I also ask my hon. Friend to consider people with children who go to school beyond the boundary of their GP's practice. Those people may find it easier to register with a GP nearer the school, keeping time off school to a minimum should their child need to see a doctor. Furthermore, some of his constituents may want to change their GP practice because of the better quality of services available at other practices in their area. They may even want to register with the practice closest to their home but cannot do so because it lies just the other side of a line or boundary, or perhaps because of the "closed shop" arrangements that exist in some areas, because a GP practice's list of patients is full or because lines have been agreed about where the boundary between practices will exist.

The qualities and outcomes framework-the new arrangements to ensure that GPs provide greater health care-has attracted a lot of attention, because money is
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attached to it. The key thing is that the funding formula is weighted in favour of those people with long-term medical conditions and the elderly. Indeed, there is clear evidence that, since QOF was introduced, health inequalities have narrowed-that is what it is all about. Money follows the patient, so offering people a choice gives practices a strong incentive to improve and attract new patients and retain existing ones.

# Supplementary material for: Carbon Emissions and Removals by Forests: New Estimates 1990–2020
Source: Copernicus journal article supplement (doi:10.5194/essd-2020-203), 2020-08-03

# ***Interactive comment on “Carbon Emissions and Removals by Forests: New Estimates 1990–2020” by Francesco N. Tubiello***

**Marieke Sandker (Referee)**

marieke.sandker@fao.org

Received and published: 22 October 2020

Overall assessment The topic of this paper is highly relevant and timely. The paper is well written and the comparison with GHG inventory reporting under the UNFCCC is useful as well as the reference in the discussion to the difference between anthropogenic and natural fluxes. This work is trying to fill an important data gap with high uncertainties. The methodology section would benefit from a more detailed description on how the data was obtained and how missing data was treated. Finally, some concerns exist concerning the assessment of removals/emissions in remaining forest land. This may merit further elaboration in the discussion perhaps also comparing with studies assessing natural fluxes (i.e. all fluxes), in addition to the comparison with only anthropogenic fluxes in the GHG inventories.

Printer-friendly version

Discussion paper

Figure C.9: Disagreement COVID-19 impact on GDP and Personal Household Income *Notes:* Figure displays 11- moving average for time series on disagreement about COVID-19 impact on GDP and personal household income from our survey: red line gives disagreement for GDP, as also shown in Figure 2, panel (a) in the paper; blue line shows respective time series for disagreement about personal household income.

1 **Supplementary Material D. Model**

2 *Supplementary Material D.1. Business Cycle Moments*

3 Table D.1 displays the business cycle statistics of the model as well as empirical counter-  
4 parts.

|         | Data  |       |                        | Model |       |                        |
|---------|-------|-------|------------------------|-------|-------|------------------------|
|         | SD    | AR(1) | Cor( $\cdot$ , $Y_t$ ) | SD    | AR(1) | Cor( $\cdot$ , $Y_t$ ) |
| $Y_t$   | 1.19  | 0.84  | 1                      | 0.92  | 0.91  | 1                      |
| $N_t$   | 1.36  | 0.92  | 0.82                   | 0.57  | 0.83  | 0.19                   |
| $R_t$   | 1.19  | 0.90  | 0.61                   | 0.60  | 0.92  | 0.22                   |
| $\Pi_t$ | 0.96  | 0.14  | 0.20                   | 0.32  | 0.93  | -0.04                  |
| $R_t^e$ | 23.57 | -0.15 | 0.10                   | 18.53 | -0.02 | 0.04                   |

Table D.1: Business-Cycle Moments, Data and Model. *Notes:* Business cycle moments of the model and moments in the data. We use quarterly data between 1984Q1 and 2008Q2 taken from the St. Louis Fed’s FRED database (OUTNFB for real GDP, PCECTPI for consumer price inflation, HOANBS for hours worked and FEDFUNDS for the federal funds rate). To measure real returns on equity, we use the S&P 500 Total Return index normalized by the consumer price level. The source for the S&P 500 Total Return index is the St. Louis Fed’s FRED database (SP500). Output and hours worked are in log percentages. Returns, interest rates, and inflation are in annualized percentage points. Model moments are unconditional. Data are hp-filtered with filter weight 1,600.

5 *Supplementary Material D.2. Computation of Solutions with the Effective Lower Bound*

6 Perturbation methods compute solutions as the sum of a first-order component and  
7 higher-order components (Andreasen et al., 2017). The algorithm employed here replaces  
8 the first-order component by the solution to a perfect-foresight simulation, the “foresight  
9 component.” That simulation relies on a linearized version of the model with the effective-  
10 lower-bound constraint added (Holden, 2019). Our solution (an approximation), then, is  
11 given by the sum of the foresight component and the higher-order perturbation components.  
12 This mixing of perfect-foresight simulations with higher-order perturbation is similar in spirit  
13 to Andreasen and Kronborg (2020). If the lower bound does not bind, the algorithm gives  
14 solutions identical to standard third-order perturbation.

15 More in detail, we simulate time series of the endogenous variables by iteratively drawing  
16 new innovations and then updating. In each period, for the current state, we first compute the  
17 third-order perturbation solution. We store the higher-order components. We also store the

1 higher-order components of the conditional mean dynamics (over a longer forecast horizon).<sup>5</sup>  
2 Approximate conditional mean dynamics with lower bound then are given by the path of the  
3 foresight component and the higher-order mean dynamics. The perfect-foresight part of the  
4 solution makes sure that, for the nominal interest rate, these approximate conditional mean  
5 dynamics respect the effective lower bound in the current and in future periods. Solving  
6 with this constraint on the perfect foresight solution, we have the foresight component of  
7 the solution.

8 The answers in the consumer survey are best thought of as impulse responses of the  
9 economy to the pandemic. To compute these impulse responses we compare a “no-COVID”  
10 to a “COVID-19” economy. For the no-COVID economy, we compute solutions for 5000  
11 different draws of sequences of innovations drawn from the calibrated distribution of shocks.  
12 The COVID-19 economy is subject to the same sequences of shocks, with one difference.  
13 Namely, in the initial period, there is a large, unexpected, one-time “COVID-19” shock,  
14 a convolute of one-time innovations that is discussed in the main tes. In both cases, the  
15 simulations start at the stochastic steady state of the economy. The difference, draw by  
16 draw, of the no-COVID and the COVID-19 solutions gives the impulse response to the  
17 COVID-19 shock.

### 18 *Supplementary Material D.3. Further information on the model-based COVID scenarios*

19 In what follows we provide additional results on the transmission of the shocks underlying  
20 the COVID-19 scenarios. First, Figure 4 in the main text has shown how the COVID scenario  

Similarly, part of the positive impact of the new GP-led health centres has been that they have led other practices to open for longer and to expand their practice boundaries, so that they can compete with new services such as the GP-led health centres. Choice means better access to higher-quality medical care and I cannot see how anyone would want people not to have choice, if that is what choice indeed means.

Of course, given a choice most people will stay exactly where they are; I believe that that is what most people will do. Only a limited number of people want to exercise choice in this regard and, yes, sometimes they are well, middle-class people who just want the choice. Why on earth should they not have it? If they want it, the NHS should be able to provide them with it.

I do not want people to have to go off somewhere and pay privately to get a choice that they really ought to have within the NHS. Frankly, if people are well, young and middle-class, I want them to use the NHS and stay with it. I want them to realise that the NHS will give them a choice, so that later on, when they perhaps really need the NHS for their kids or for themselves when they develop a long-term condition, they will stay with the NHS-those are the people we want too.

However, my hon. Friend is right that we also need to ensure that we care for the people who really need the NHS. They include people from the mining community, such as some of his constituents and some of mine, who have long-term health care conditions. We want to ensure that such people receive the service and the priority that they need.